A prayer for times of transition 

God, my Source of Strength:

A season is turning in my life

Calling me to make ready:

Walk with me, I pray. 

This unwrapped course lies divided ahead 

Urging careful determination:

Walk with me, I pray. 

The gate has swung open and everything’s loose 

Bidding that someone be left behind:

Walk with me, I pray. 

Until the turbulent waters clear 

I reach for your mercy 

And pray for wisdom:

Walk with me, I pray. 
Keri Wehlander

What “life advice” are YOU passing on to the next generation?

Children have never been very good at listening to their elders, but they have never failed to imitate them. James Baldwin


If this quote is true, then what we do is even more important than what we say.  I was out for lunch this week with a friend who works with difficult children in schools.  The conversation turned to the sometimes less than totally positive impact parents have on their children. She has the  type of world view that means she views her own experiences and chooses to either focus on the positive ones, or on the lessons learned from the less than positive ones.  As a psychologist, she knows that it might help her to understand the past, but it still won’t change it, so this way, the memory works for her positively in all her experiences.

And so we got chatting about what she called Sayings To Live Your Life By – the type of distilled belief that your parents shared with you or others that affected how they lived their lives.  Things like, “money doesn’t grow on trees,” and “what goes around comes around,” or “it takes one to know one.”  She said that such sayings become values, and for that reason, as adults, we need to check that they are still valid and useful; otherwise they are going to impact every relationship we have.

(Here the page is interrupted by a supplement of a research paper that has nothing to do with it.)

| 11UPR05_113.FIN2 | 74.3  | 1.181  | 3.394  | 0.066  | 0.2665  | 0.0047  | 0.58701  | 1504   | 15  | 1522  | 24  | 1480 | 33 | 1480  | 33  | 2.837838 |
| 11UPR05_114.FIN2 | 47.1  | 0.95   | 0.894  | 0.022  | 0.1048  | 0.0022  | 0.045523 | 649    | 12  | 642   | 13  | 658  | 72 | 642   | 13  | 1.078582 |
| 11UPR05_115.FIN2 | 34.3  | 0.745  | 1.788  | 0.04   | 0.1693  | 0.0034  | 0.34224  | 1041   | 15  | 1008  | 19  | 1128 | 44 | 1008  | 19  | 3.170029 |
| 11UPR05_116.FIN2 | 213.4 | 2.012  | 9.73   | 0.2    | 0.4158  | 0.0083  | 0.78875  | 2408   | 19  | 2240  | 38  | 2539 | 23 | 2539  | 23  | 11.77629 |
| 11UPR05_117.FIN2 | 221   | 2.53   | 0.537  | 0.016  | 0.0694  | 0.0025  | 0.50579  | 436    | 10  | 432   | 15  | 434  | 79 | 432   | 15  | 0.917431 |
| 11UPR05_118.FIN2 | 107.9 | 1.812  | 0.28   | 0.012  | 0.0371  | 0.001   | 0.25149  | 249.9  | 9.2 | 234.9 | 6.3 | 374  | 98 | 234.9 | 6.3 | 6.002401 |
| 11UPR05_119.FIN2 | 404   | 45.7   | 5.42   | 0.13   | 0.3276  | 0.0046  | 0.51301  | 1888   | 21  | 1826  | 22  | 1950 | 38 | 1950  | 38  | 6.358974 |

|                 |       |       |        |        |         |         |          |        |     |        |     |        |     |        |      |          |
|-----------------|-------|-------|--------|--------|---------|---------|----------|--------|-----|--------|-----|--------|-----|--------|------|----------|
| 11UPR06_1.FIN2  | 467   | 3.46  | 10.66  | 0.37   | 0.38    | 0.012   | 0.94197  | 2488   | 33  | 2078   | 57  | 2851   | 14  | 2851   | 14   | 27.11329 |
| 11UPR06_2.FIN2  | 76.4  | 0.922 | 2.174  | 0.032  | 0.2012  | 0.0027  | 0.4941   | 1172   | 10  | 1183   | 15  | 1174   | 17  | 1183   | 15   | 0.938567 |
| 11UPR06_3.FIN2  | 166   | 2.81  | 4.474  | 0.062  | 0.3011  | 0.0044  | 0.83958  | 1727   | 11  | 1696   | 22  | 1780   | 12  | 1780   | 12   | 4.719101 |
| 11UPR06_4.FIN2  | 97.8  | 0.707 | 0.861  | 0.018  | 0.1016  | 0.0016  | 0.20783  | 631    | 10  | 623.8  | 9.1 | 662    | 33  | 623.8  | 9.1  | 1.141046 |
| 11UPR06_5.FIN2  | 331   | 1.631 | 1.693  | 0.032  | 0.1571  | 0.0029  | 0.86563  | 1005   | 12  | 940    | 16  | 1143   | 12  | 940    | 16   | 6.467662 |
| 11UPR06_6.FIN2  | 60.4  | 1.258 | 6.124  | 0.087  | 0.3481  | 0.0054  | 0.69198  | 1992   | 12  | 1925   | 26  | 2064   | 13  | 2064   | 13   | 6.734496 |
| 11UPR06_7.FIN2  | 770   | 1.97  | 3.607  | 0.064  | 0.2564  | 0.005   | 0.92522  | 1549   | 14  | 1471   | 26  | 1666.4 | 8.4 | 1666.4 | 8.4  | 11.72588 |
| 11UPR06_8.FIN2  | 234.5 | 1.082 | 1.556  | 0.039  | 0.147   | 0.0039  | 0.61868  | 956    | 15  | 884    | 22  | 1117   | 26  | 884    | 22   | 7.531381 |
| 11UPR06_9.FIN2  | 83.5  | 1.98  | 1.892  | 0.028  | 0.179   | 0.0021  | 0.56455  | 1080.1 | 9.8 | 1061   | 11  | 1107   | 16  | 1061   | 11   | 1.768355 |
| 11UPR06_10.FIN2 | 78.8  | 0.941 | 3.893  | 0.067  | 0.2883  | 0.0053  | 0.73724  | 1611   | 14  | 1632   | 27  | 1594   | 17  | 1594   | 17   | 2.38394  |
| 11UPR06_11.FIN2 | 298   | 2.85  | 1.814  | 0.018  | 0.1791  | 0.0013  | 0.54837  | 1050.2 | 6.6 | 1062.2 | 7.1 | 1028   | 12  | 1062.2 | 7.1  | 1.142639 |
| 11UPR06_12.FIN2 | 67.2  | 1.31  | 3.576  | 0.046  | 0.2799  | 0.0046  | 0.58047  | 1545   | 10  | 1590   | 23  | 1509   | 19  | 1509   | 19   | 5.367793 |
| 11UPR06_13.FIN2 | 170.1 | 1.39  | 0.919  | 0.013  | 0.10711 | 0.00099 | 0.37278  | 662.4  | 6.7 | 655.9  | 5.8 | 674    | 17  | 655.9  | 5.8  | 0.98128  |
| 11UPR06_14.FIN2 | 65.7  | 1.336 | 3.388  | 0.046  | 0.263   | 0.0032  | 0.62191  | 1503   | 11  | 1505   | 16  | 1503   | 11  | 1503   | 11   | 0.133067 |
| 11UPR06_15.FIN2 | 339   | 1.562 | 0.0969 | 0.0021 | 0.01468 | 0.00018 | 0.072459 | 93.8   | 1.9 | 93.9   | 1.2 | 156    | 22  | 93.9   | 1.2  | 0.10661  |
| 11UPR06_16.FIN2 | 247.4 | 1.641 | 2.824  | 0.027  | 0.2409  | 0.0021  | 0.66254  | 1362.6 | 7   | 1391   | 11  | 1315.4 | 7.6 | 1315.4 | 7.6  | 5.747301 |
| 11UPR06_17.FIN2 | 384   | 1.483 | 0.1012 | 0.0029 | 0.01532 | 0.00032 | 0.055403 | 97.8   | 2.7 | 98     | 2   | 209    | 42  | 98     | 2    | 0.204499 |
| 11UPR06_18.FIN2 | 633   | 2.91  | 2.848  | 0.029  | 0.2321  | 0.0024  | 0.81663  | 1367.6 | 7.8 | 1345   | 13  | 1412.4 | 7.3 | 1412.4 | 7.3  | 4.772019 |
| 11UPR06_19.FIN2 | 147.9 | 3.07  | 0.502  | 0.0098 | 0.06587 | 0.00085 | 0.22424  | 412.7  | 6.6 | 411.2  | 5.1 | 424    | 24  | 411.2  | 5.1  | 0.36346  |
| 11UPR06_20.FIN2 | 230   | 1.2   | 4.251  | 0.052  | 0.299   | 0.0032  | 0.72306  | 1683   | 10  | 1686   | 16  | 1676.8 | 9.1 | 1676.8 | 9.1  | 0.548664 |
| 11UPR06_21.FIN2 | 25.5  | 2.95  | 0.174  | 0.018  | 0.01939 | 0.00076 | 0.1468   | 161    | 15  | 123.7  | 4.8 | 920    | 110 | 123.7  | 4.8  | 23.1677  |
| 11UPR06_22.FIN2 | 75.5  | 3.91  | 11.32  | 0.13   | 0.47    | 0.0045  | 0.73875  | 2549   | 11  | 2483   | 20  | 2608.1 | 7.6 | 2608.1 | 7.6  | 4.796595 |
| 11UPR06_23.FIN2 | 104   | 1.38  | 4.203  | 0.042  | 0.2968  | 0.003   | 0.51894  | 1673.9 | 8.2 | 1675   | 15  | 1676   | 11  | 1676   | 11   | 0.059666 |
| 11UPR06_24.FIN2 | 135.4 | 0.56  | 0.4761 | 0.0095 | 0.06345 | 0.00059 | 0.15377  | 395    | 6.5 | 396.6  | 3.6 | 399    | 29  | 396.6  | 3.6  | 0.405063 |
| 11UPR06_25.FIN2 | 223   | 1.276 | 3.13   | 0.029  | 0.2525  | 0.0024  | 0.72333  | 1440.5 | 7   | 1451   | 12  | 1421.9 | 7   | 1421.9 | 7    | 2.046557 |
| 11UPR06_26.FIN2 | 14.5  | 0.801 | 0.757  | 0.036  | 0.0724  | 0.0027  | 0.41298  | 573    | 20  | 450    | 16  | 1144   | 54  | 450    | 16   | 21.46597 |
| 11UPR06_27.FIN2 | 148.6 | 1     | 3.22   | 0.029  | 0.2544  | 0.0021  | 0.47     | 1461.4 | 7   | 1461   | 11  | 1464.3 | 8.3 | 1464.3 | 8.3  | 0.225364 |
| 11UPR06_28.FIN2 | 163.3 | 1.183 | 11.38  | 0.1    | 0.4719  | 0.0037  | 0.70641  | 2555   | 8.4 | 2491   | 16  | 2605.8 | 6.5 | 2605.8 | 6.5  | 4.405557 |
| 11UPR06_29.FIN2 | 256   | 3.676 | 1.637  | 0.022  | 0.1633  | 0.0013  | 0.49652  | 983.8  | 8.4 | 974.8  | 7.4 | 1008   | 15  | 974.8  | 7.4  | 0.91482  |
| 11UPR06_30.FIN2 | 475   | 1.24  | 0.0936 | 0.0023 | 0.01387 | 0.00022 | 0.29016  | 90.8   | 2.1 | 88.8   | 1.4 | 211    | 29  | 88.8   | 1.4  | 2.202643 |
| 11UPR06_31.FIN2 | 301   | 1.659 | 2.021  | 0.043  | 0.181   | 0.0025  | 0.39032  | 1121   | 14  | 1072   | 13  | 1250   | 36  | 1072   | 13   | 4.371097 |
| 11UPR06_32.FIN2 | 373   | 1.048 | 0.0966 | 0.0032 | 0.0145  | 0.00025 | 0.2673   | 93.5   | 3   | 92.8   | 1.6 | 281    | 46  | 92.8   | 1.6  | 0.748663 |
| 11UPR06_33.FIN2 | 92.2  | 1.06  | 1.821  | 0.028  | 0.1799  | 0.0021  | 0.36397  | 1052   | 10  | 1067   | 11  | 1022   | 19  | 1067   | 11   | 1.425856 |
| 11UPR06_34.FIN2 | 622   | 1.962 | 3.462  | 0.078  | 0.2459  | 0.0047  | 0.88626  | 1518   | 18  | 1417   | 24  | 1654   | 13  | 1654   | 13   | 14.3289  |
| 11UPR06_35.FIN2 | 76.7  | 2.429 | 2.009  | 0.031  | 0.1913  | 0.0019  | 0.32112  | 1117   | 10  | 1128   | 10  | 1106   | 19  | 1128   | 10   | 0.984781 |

It got me thinking.  About what “sayings” I believed about relationships, children, love, money and life in general, so I tried a little exercise I’d come across some time before.  I took my journal out, used some of these headings, and then wrote under them, “I should.”  Then without editing them in any way (as I needed to see what really came up), I just started writing quickly about things I thought I should do, or ways I should behave or think.   A few minutes later, and I was surprised to see I had forty odd beliefs to examine further. 

For each belief, I then asked, “Why?” This brought up an interesting range of responses, some of which were common sense or something I’d learned over my life – but often I heard someone else’s voice saying it first.  Often it was a parent, but sometimes it was a teacher, a peer or a friend.  When I looked a the why’s of a belief, I could see that some of them were less than totally useful, so I then asked myself if I STILL thought this was a belief I should hold on to. If it wasn’t, I found a better one to replace it with.  Now when the initial Saying comes to my mind, I replace it with the new one.  I know from experience that this process of replacing one thought with another changes my beliefs.   My children are now grown up, so I can do nothing about my past influence (or lack of it), but for the past number of years, I have tried to guide them by some Sayings For Life that are mine, and they can try them on for size.  They include:

  • Life is not a dress rehearsal (passed on from their granddad)
  • If a job’s worth doing, it’s worth doing well (passed on from their granny)
  • Do what makes you happy; other people are responsible for their own happiness
  • Treat others with respect where possible
  • Be nice to people on the way up, as you will meet them on the way down